WEDNESDAY, Aug. 31, 2022 (HealthDay News) — Munching handfuls of microwave popcorn may be ideal for movie night, however your snack could possibly be loading the body with potentially harmful “forever chemicals,” experts warn.
Many microwave popcorn bags are lined with PFAS (perfluoroalkyls and polyfluoroalkyl substances), and evidence shows these chemicals will leach in to the snack during popping.
Studies have discovered “high degrees of these compounds in the blood of individuals who ate microwave popcorn regularly, so that it does enter the bloodstream,” said Dr. David Heber, founding director of the UCLA Center for Human Nutrition.
PFAS compounds are called forever chemicals since they breakdown very slowly, accumulating both in the surroundings and within human bodies.
The chemicals are generally within drinking water supplies through the entire United States, and may be within the blood of 97% of U.S. residents, the government estimates.
“There has been lots of attention on normal water, but food can be a major way to obtain exposure and studies show that consuming microwave popcorn and junk food is correlated with higher PFAS levels in your body,” said David Andrews, a senior scientist with the nonprofit Environmental Working Group.
PFAS chemicals originally were developed in the 1950s within the nonstick coating of pans, Heber said.
They’ve since been put into many consumer products, including cleaning solutions, waterproof makeup, firefighting foam and stain-resistant coatings for carpets and upholstery.
Microwave popcorn manufacturers add PFAS to the liner of the bags to help keep the oil that pops the corn from soaking out, Andrews said.
The PFAS also help to keep the bag from burning, Heber said.
“You understand sometimes in the event that you leave the popcorn in considerably longer, you’ll end up getting blackened kernels which have burned?” Heber said. “Well, that’s hot enough to also burn the paper, which means this protects the paper from starting a fire in your kitchen.”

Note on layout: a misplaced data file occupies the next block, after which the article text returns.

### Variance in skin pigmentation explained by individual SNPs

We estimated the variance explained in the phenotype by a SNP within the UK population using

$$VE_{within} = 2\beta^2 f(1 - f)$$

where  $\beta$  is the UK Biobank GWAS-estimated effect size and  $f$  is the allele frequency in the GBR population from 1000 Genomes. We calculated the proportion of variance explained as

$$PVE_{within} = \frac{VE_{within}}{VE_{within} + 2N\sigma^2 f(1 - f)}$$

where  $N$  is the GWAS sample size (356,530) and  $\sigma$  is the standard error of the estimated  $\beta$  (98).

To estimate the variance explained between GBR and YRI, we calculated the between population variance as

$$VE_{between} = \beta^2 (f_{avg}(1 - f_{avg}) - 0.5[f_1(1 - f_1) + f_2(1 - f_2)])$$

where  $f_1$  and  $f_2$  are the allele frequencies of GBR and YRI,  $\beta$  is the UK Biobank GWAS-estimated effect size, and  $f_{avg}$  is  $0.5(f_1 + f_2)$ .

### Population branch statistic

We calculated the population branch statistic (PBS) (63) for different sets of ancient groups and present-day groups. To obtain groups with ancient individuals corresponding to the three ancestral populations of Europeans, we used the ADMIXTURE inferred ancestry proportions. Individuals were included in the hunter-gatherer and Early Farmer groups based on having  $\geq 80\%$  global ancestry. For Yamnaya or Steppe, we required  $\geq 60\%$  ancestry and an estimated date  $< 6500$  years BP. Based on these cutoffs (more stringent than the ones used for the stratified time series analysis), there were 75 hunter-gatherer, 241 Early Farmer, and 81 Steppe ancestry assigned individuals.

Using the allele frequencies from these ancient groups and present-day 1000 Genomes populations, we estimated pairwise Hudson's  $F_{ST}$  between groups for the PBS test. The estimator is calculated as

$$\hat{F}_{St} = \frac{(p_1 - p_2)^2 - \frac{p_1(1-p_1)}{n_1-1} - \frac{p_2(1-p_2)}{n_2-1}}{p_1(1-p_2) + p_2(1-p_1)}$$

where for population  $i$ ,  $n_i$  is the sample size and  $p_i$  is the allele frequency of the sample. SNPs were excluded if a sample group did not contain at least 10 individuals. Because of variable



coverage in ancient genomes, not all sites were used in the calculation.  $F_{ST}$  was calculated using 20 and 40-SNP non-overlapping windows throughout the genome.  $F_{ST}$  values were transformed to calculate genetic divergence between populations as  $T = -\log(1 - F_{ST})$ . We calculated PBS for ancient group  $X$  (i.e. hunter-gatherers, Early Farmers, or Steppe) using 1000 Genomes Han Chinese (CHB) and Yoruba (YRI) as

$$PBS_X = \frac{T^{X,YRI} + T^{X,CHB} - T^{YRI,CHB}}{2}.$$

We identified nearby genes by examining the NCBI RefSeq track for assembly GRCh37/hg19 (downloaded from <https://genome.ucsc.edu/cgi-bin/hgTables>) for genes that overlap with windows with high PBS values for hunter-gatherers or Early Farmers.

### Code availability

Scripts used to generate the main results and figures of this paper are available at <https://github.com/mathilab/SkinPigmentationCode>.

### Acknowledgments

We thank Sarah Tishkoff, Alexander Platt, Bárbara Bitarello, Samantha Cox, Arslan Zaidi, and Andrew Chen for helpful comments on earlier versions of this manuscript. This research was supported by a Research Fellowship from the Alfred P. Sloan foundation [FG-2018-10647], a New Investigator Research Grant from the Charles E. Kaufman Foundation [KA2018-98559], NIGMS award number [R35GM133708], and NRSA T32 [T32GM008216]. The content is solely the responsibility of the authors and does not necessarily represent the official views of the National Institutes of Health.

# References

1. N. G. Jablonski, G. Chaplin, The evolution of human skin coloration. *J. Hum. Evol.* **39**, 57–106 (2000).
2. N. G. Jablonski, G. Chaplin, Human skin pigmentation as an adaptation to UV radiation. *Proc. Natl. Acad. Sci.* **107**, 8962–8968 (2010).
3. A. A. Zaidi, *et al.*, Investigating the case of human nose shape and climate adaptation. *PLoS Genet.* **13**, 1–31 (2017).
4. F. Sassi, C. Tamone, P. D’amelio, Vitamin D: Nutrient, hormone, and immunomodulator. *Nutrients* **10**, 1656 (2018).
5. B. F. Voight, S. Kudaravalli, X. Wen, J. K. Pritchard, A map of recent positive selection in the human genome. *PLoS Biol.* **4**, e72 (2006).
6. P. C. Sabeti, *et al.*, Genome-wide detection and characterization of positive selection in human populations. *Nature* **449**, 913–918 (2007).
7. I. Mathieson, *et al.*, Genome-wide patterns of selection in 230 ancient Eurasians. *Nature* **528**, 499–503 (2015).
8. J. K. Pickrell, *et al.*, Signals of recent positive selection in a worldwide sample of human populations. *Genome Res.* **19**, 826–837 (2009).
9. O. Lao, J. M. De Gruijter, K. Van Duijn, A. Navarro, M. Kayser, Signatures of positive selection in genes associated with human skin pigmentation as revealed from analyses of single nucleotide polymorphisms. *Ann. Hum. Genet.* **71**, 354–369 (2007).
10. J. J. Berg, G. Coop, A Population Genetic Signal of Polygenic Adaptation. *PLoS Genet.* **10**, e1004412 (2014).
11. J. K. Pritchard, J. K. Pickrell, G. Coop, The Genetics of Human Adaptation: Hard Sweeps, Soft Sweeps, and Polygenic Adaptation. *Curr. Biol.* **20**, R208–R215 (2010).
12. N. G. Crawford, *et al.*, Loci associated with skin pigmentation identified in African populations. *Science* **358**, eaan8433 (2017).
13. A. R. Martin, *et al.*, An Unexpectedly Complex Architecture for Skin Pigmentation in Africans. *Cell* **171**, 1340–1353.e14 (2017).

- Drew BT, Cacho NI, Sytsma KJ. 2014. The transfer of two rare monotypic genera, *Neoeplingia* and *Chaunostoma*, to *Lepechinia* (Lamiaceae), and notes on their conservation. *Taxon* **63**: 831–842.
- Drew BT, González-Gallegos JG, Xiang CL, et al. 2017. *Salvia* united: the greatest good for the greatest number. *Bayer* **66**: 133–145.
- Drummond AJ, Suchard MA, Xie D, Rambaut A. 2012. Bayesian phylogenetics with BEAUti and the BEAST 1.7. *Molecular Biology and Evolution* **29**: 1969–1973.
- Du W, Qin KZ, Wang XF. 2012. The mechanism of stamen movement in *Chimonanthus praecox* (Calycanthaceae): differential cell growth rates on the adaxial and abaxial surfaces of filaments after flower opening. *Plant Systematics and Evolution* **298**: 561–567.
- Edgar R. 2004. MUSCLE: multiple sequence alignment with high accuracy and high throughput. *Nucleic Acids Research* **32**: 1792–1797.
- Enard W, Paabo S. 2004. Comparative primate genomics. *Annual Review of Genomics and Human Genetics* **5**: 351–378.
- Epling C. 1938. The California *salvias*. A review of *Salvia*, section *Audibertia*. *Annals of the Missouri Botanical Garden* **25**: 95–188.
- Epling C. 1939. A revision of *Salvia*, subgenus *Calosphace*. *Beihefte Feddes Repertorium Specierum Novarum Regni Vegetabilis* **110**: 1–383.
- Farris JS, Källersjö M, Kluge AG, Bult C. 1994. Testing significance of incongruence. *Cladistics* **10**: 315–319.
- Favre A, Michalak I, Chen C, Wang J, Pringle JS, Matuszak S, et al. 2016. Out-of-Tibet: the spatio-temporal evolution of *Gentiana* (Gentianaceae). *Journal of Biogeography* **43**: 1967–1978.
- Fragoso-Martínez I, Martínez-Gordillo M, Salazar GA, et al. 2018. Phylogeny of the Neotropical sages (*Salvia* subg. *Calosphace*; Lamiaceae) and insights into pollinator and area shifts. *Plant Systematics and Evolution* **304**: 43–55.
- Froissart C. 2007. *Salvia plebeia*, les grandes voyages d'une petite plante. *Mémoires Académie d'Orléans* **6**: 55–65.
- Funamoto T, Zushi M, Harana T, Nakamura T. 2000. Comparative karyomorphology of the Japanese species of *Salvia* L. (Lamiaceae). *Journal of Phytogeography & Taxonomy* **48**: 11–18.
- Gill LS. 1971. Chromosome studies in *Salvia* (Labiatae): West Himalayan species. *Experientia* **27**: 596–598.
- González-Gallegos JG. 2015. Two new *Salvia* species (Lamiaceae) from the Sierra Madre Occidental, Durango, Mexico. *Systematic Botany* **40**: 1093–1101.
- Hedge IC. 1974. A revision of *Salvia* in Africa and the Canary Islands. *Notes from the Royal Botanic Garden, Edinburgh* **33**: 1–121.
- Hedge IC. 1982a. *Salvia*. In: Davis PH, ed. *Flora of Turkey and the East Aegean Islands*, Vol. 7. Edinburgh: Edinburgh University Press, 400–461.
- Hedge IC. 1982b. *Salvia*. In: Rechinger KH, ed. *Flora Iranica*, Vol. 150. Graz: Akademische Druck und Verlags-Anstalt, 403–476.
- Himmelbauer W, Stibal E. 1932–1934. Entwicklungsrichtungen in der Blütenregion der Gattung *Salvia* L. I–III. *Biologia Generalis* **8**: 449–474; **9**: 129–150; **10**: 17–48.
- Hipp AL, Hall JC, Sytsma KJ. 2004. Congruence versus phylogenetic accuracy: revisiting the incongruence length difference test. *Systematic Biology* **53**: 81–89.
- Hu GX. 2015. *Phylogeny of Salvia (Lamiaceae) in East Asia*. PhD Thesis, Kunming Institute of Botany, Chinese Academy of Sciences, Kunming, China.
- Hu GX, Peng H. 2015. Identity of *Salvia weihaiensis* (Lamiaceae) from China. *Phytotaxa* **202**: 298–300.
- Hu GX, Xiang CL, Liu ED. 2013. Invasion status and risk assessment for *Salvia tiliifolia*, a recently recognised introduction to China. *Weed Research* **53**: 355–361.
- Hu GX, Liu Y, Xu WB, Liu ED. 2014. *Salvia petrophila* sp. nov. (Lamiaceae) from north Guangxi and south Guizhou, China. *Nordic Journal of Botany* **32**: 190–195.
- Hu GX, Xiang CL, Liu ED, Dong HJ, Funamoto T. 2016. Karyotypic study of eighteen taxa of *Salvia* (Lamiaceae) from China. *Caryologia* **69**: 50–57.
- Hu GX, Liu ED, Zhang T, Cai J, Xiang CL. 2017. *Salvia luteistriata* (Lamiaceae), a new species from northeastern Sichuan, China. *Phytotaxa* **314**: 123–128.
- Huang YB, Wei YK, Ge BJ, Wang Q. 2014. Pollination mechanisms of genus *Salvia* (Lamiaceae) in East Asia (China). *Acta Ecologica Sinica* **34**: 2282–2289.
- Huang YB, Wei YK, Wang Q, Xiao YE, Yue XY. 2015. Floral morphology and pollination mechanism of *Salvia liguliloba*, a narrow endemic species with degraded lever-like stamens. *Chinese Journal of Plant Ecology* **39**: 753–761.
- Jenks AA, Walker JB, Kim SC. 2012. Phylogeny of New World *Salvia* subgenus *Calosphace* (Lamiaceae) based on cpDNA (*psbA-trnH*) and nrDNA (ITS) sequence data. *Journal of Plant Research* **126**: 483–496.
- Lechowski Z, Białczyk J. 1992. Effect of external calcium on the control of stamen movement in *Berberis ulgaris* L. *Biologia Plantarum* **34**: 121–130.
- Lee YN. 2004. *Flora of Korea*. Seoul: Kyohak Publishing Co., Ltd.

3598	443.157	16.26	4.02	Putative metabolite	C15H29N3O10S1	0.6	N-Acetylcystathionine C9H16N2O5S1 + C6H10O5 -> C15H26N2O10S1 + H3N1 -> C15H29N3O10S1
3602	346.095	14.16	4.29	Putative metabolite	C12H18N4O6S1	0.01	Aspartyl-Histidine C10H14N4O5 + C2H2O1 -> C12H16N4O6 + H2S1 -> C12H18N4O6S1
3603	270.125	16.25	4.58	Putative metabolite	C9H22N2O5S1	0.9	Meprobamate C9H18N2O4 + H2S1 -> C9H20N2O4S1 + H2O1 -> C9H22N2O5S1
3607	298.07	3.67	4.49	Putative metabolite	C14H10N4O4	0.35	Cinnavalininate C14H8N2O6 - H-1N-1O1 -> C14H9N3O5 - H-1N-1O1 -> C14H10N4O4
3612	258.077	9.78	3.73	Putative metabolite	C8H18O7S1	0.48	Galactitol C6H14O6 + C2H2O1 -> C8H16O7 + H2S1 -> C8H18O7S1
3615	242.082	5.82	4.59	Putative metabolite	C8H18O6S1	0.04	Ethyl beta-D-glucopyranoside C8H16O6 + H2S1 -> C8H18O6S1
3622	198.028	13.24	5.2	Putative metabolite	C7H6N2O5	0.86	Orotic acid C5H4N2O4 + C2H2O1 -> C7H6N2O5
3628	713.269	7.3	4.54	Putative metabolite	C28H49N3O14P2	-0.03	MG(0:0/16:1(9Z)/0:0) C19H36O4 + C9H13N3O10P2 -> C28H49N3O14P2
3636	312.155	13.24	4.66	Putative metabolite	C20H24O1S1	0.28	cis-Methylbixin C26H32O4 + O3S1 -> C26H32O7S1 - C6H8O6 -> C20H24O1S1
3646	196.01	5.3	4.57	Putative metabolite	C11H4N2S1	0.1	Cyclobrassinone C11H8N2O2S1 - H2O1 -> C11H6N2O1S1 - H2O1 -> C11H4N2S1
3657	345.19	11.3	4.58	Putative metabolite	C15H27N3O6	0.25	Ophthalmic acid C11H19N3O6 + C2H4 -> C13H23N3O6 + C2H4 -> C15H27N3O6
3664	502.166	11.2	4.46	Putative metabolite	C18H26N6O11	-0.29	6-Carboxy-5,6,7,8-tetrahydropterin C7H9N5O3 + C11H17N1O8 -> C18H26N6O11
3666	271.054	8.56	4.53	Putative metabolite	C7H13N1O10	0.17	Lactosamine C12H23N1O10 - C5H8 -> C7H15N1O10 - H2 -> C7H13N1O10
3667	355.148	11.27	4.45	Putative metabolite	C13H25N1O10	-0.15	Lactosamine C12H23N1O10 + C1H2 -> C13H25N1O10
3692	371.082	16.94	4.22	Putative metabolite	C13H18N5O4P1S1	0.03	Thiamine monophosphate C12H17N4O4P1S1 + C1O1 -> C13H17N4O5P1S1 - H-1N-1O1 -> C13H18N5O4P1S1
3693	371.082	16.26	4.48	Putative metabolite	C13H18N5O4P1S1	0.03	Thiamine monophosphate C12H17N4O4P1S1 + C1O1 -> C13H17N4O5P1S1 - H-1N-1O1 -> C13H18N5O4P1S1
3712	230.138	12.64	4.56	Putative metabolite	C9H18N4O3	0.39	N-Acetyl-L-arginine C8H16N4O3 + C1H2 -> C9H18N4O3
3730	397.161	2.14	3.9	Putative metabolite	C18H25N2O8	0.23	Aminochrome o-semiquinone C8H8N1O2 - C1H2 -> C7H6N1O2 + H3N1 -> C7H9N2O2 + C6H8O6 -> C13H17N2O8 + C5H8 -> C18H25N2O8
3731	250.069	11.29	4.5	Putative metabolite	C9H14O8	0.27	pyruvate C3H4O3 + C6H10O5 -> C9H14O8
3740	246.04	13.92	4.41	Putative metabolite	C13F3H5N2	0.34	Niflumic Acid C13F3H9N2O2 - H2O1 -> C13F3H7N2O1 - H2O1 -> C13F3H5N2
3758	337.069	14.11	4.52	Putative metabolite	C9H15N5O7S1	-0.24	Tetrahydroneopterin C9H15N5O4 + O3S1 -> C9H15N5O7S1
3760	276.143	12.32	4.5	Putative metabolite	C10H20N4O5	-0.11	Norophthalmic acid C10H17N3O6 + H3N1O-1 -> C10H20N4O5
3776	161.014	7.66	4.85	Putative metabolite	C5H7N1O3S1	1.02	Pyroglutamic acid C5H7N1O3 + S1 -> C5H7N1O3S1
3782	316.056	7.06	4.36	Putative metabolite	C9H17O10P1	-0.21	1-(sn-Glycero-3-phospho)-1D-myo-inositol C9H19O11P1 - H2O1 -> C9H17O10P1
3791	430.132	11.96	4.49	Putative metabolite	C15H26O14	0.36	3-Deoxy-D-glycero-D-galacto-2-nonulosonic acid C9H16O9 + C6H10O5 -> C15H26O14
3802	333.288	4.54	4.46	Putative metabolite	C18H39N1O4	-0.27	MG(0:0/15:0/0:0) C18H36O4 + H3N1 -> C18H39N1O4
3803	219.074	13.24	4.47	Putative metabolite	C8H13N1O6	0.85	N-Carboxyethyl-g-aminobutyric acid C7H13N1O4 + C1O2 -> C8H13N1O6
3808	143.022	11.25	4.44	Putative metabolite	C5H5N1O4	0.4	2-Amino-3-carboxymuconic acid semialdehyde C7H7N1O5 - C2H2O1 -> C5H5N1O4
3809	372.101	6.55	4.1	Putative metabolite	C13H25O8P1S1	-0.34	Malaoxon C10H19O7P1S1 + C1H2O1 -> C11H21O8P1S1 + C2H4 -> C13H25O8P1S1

But through the popping process, PFAS leach in to the popcorn, making the snack probably the most notorious means where the chemicals enter human bodies, Andrews said.
“This is really among the first product types that the FDA did testing on” to check on for the current presence of PFAS, around 15 years back, Andrews said.
A 2019 study discovered that individuals who regularly ate microwave popcorn tended to possess significantly higher blood PFAS levels, predicated on ten years of data concerning the eating habits greater than 10,500 people gathered by the U.S. Centers for Disease Control and Prevention.
Individuals who noshed popcorn daily had PFAS levels around 63% greater than average, in accordance with results published in the journal Environmental Health Perspectives .
Concern is mounting on the potential health ramifications of PFAS on humans. For instance, PFAS chemicals may actually impact the disease fighting capability, “so that they decrease the effectiveness of vaccines,” Andrews said.
High degrees of PFAS in your body are also linked with increased cholesterol levels, small decreases in infant birth weights, changes in liver enzymes, preeclampsia in women that are pregnant, and an elevated threat of kidney or testicular cancer, based on the U.S. Agency for TOXINS and Disease Registry.
It’s possible for microwave popcorn bags to be produced without PFAS or other such chemicals, Andrews said.
Andrews pointed to Denmark for example. The nations largest grocer, Coop Denmark, announced back 2015 it could no more sell microwave popcorn due to PFAS in the packaging.
But months later, microwave popcorn returned to Denmark’s store shelves, because of new bags created from tougher paper.
“They just changed what sort of actual paper was manufactured, to supply enough resistance to are a microwave popcorn bag without chemical additives,” Andrews said.
The newest public testing found PFAS generally in most or all the brands of microwave popcorn sold in the U.S., Andrews said.
THE BUYER Brands Association, a food industry trade group, didn’t react to a obtain comment.
Until companies announce updated packaging, people concerned about PFAS should either purchase a heat popper or pop their very own popcorn on the stove, Heber and Andrews said.
“Only a pan or perhaps a pot with a small amount of oil on the stove will continue to work,” Andrews said. “That’s how I really do it all enough time. It’s a good way in order to avoid the potential PFAS exposure.”
The U.S. Centers for Disease Control and Prevention has more about PFAS exposure.
SOURCES: David Heber, MD, PhD, founding director, UCLA Center for Human Nutrition, LA; David Andrews, PhD, senior scientist, Environmental Working Group, Environmental Health Perspectives, Oct. 9, 2019